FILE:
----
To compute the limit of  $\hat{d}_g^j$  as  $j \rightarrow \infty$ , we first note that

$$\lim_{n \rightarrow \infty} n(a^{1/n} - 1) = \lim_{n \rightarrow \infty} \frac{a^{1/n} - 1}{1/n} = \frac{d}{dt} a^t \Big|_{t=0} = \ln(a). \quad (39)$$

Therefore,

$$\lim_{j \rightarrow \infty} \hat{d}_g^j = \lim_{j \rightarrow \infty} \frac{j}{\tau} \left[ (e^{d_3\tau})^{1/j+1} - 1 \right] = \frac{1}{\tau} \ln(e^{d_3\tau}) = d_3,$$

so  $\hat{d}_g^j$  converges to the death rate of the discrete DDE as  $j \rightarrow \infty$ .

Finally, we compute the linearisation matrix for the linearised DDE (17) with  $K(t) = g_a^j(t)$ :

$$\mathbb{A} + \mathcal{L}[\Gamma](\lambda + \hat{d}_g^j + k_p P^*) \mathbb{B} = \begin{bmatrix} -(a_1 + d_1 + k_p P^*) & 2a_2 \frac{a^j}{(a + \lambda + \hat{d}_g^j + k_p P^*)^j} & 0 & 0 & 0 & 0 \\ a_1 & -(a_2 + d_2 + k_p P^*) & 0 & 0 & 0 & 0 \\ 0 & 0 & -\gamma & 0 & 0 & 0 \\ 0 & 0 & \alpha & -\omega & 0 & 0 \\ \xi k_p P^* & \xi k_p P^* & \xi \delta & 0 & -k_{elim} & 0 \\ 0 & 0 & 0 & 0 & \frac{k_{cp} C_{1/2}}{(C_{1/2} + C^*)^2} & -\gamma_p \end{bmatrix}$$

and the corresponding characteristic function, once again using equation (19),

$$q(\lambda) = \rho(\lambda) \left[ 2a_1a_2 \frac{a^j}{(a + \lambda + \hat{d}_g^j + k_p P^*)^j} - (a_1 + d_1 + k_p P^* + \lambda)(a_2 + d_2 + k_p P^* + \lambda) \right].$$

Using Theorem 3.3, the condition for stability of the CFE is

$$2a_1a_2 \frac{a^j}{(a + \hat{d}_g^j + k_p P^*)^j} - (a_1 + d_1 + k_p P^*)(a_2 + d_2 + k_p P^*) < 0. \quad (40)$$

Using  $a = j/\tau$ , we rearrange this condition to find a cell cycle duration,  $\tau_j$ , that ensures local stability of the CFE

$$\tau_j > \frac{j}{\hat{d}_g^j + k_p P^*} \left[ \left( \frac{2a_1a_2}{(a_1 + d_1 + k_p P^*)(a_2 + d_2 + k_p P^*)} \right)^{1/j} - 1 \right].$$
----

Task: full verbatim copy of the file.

To compute the limit of  $\hat{d}_g^j$  as  $j \rightarrow \infty$ , we first note that

$$\lim_{n \rightarrow \infty} n(a^{1/n} - 1) = \lim_{n \rightarrow \infty} \frac{a^{1/n} - 1}{1/n} = \frac{d}{dt} a^t \Big|_{t=0} = \ln(a). \quad (39)$$

Therefore,

$$\lim_{j \rightarrow \infty} \hat{d}_g^j = \lim_{j \rightarrow \infty} \frac{j}{\tau} \left[ (e^{d_3\tau})^{1/j+1} - 1 \right] = \frac{1}{\tau} \ln(e^{d_3\tau}) = d_3,$$

so  $\hat{d}_g^j$  converges to the death rate of the discrete DDE as  $j \rightarrow \infty$ .

Finally, we compute the linearisation matrix for the linearised DDE (17) with  $K(t) = g_a^j(t)$ :

$$\mathbb{A} + \mathcal{L}[\Gamma](\lambda + \hat{d}_g^j + k_p P^*) \mathbb{B} = \begin{bmatrix} -(a_1 + d_1 + k_p P^*) & 2a_2 \frac{a^j}{(a + \lambda + \hat{d}_g^j + k_p P^*)^j} & 0 & 0 & 0 & 0 \\ a_1 & -(a_2 + d_2 + k_p P^*) & 0 & 0 & 0 & 0 \\ 0 & 0 & -\gamma & 0 & 0 & 0 \\ 0 & 0 & \alpha & -\omega & 0 & 0 \\ \xi k_p P^* & \xi k_p P^* & \xi \delta & 0 & -k_{elim} & 0 \\ 0 & 0 & 0 & 0 & \frac{k_{cp} C_{1/2}}{(C_{1/2} + C^*)^2} & -\gamma_p \end{bmatrix}$$

and the corresponding characteristic function, once again using equation (19),

$$q(\lambda) = \rho(\lambda) \left[ 2a_1a_2 \frac{a^j}{(a + \lambda + \hat{d}_g^j + k_p P^*)^j} - (a_1 + d_1 + k_p P^* + \lambda)(a_2 + d_2 + k_p P^* + \lambda) \right].$$

Using Theorem 3.3, the condition for stability of the CFE is

$$2a_1a_2 \frac{a^j}{(a + \hat{d}_g^j + k_p P^*)^j} - (a_1 + d_1 + k_p P^*)(a_2 + d_2 + k_p P^*) < 0. \quad (40)$$

Using  $a = j/\tau$ , we rearrange this condition to find a cell cycle duration,  $\tau_j$ , that ensures local stability of the CFE

$$\tau_j > \frac{j}{\hat{d}_g^j + k_p P^*} \left[ \left( \frac{2a_1a_2}{(a_1 + d_1 + k_p P^*)(a_2 + d_2 + k_p P^*)} \right)^{1/j} - 1 \right].$$